There are very few people on the planet more famous than CNBC’s Jim Cramer when it comes to financial media. He’s been around for decades (and, oddly, still looks exactly like he did thirty years ago), shouting out investment ideas and opinions to anyone who would listen. He is handsomely paid for this shouting, earning a healthy $5 million per year from his friends at CNBC.
I stumbled upon this item from late in 2020, in which he pulled together what he thought were the most powerful, profitable investment ideas for his viewers, and he dubbed them The Magnificent Seven (which, along with “The Good, The Bad, and the Ugly”, has got to be the most hackneyed, overused, tired, and lazy title to offer ANY particular subject). Here’s the handsome devil showing off his proud picks. (As an added humorous bonus, read the words at the bottom of the screen shot; I guess “ecosystem” is supposed to make him seem smart).
Now, all seven of those companies are household names. And, perhaps in the back of your mind, you are thinking that they all seem to have something in common. Well, you are absolutely correct!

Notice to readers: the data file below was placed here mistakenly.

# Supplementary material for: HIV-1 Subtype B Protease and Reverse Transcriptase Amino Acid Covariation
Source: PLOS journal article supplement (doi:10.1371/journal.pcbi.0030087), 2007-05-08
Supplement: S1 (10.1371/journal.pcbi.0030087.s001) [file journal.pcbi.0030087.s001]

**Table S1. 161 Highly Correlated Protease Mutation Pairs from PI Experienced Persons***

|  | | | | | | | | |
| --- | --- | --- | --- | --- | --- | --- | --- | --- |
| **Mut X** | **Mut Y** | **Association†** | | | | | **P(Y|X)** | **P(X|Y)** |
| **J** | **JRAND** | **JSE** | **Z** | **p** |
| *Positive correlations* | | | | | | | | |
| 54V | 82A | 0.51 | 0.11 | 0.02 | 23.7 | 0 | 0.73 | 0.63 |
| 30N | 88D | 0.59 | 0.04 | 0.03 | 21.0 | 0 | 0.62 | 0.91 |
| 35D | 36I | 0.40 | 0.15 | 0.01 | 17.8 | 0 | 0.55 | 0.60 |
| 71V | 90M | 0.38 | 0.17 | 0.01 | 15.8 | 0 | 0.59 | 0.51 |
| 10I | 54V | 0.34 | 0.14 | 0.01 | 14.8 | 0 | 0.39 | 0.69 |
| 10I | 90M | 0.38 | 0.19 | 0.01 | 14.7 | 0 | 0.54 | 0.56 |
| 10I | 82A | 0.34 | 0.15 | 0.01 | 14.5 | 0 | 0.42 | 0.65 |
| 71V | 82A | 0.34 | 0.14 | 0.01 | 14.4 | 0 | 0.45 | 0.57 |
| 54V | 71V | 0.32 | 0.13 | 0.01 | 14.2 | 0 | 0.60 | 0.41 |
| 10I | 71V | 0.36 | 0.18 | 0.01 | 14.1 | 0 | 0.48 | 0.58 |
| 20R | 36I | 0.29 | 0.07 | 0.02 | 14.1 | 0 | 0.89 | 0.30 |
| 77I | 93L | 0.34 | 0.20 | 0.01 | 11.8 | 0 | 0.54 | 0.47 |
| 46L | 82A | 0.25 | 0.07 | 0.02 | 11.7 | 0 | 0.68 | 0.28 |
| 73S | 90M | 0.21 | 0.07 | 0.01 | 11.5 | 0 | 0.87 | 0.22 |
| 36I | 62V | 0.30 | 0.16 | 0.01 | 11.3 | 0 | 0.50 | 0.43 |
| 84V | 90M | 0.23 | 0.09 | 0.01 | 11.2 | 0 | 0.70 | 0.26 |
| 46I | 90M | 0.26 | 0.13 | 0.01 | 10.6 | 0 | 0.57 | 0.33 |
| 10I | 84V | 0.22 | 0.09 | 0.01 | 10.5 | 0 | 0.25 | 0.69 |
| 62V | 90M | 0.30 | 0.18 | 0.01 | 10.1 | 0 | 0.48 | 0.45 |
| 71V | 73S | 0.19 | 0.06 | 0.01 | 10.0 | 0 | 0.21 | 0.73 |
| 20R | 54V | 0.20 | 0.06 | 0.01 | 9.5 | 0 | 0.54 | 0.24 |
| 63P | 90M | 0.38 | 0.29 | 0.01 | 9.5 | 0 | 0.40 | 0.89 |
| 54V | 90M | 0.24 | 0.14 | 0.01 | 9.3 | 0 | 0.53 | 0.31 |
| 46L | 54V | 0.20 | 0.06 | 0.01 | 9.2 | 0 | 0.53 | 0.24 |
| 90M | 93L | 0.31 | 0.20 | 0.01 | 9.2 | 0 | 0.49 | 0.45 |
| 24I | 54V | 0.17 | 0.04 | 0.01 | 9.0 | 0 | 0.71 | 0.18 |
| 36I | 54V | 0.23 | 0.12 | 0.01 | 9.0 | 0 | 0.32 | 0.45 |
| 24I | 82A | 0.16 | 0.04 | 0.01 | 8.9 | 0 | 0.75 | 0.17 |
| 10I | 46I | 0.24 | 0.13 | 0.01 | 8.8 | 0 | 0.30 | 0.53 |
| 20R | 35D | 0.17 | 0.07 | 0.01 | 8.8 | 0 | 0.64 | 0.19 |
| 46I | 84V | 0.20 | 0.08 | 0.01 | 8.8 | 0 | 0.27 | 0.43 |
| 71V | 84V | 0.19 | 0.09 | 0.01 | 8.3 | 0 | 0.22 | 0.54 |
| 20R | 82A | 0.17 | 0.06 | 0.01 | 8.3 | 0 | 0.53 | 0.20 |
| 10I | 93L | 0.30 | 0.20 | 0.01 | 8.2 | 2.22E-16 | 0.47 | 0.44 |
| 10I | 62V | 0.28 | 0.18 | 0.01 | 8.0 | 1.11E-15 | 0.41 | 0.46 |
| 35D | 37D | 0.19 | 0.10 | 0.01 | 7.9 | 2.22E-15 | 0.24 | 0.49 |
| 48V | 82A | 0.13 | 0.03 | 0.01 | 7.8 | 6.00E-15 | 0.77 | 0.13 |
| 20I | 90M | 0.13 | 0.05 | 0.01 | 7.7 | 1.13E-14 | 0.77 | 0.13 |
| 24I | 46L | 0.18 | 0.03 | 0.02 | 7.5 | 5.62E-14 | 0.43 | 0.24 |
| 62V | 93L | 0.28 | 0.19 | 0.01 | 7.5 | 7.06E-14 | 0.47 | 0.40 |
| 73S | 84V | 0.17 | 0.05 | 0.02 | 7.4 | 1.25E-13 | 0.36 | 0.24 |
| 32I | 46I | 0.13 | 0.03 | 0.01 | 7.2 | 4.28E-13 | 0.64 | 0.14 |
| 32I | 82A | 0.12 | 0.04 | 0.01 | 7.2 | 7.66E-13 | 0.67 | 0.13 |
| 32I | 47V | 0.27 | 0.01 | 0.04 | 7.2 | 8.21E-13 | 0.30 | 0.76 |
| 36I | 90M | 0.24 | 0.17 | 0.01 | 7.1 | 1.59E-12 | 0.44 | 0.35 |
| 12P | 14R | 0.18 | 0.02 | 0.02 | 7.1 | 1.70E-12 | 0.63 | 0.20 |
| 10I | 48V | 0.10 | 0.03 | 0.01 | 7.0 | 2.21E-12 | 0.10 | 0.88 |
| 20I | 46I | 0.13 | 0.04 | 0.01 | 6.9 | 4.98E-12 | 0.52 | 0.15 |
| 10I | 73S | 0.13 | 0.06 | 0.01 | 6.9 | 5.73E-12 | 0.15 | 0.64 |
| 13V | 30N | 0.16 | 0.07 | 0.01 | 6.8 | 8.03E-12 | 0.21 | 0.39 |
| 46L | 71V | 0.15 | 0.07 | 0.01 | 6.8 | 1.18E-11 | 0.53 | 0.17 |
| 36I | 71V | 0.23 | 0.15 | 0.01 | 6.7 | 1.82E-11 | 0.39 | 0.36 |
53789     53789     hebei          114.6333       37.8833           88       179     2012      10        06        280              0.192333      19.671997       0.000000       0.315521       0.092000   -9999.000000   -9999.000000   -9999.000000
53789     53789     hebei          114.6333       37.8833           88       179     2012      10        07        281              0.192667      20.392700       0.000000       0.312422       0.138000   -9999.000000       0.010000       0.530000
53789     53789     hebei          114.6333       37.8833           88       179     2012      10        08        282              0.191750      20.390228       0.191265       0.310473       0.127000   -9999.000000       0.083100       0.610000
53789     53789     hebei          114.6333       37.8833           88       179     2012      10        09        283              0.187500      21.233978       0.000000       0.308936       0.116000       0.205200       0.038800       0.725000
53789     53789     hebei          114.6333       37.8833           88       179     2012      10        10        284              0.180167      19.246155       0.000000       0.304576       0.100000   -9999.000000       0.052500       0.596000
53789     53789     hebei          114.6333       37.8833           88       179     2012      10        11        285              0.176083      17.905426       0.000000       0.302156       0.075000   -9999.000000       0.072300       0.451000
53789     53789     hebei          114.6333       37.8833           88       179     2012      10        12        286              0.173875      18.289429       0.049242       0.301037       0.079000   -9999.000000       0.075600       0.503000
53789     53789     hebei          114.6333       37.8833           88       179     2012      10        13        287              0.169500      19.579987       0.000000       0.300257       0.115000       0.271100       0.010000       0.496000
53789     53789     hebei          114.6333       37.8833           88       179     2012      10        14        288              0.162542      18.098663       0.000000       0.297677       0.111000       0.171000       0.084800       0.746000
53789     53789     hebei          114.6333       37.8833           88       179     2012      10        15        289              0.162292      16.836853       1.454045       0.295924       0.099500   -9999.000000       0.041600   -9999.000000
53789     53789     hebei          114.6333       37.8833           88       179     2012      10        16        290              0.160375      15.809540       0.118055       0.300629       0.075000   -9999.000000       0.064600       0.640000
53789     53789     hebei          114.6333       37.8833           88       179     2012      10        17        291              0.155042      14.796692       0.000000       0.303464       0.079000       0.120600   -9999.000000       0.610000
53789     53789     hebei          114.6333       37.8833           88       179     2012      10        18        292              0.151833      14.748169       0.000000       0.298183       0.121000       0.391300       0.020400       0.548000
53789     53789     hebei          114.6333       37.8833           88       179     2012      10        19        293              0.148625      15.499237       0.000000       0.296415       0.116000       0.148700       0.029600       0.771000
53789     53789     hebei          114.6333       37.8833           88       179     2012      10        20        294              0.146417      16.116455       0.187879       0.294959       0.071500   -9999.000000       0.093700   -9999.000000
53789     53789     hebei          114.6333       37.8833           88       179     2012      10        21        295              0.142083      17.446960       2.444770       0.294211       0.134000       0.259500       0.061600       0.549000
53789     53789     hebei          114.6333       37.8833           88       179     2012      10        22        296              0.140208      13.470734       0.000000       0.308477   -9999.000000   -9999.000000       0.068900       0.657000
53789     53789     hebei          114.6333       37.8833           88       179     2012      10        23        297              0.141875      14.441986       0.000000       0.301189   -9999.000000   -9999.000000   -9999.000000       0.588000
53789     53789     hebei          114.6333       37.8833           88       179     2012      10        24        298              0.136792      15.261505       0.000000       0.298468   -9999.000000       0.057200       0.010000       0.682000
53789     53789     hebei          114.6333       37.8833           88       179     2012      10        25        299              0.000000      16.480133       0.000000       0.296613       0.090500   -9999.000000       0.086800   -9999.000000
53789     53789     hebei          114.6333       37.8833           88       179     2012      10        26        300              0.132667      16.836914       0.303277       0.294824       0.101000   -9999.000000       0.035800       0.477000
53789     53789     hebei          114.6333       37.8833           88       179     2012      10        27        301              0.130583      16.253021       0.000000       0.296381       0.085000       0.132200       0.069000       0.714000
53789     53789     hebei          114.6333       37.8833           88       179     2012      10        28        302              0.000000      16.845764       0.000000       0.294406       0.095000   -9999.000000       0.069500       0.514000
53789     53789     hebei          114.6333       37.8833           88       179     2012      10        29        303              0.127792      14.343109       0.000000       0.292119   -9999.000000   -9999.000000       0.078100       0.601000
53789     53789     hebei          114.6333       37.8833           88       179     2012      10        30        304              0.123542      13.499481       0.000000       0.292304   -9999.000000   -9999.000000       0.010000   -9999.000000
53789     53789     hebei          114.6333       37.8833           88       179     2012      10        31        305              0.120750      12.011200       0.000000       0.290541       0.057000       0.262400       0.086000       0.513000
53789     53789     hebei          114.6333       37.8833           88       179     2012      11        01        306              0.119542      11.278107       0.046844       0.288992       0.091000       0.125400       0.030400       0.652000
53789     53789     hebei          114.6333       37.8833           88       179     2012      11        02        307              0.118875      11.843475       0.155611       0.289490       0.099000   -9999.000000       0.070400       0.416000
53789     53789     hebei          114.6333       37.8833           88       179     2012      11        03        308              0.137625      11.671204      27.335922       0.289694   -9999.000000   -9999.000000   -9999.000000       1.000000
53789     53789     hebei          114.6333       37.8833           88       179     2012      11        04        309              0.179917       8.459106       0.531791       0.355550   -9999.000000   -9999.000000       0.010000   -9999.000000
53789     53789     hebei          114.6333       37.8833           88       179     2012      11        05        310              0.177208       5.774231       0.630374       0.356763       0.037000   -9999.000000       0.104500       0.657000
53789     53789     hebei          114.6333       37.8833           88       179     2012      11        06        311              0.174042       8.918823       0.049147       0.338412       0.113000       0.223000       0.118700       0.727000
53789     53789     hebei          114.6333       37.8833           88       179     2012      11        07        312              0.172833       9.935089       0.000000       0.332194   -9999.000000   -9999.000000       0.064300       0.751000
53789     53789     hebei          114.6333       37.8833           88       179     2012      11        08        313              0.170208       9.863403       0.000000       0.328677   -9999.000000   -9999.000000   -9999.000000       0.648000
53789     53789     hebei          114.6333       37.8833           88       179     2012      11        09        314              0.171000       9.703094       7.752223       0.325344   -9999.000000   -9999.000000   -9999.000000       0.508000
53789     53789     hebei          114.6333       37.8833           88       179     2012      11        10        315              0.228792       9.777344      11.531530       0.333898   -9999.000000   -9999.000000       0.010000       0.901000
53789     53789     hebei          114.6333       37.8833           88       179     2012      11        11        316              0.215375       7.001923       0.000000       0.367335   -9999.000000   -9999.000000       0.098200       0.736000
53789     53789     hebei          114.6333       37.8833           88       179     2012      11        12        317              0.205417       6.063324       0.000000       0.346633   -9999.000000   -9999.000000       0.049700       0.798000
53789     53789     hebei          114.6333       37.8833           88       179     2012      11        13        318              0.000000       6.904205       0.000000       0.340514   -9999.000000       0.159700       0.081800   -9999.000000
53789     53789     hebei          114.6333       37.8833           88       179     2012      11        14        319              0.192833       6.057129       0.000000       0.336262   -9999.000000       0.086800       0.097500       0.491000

Because the common element in all these stocks is that – – with the possible except of Tesla – – they have all been absolutely terrible, horrible, and wretched investments, right down to the very last ticker. Observe:
Oh, and as for that last one, lest you think that Jimbo had tempered his zeal for Netflix, I offer you this tweet that he sent his 1.7 million followers just a couple of weeks ago.
Here, by the way, is the original video where he was touting the aforementioned Magnificent pieces of crap.
They say you can’t argue with success, and since the man is paid $5 million every blessed year, I suppose we’re all supposed to shut up and just assume he knows what he’s talking about. But let history be your guide.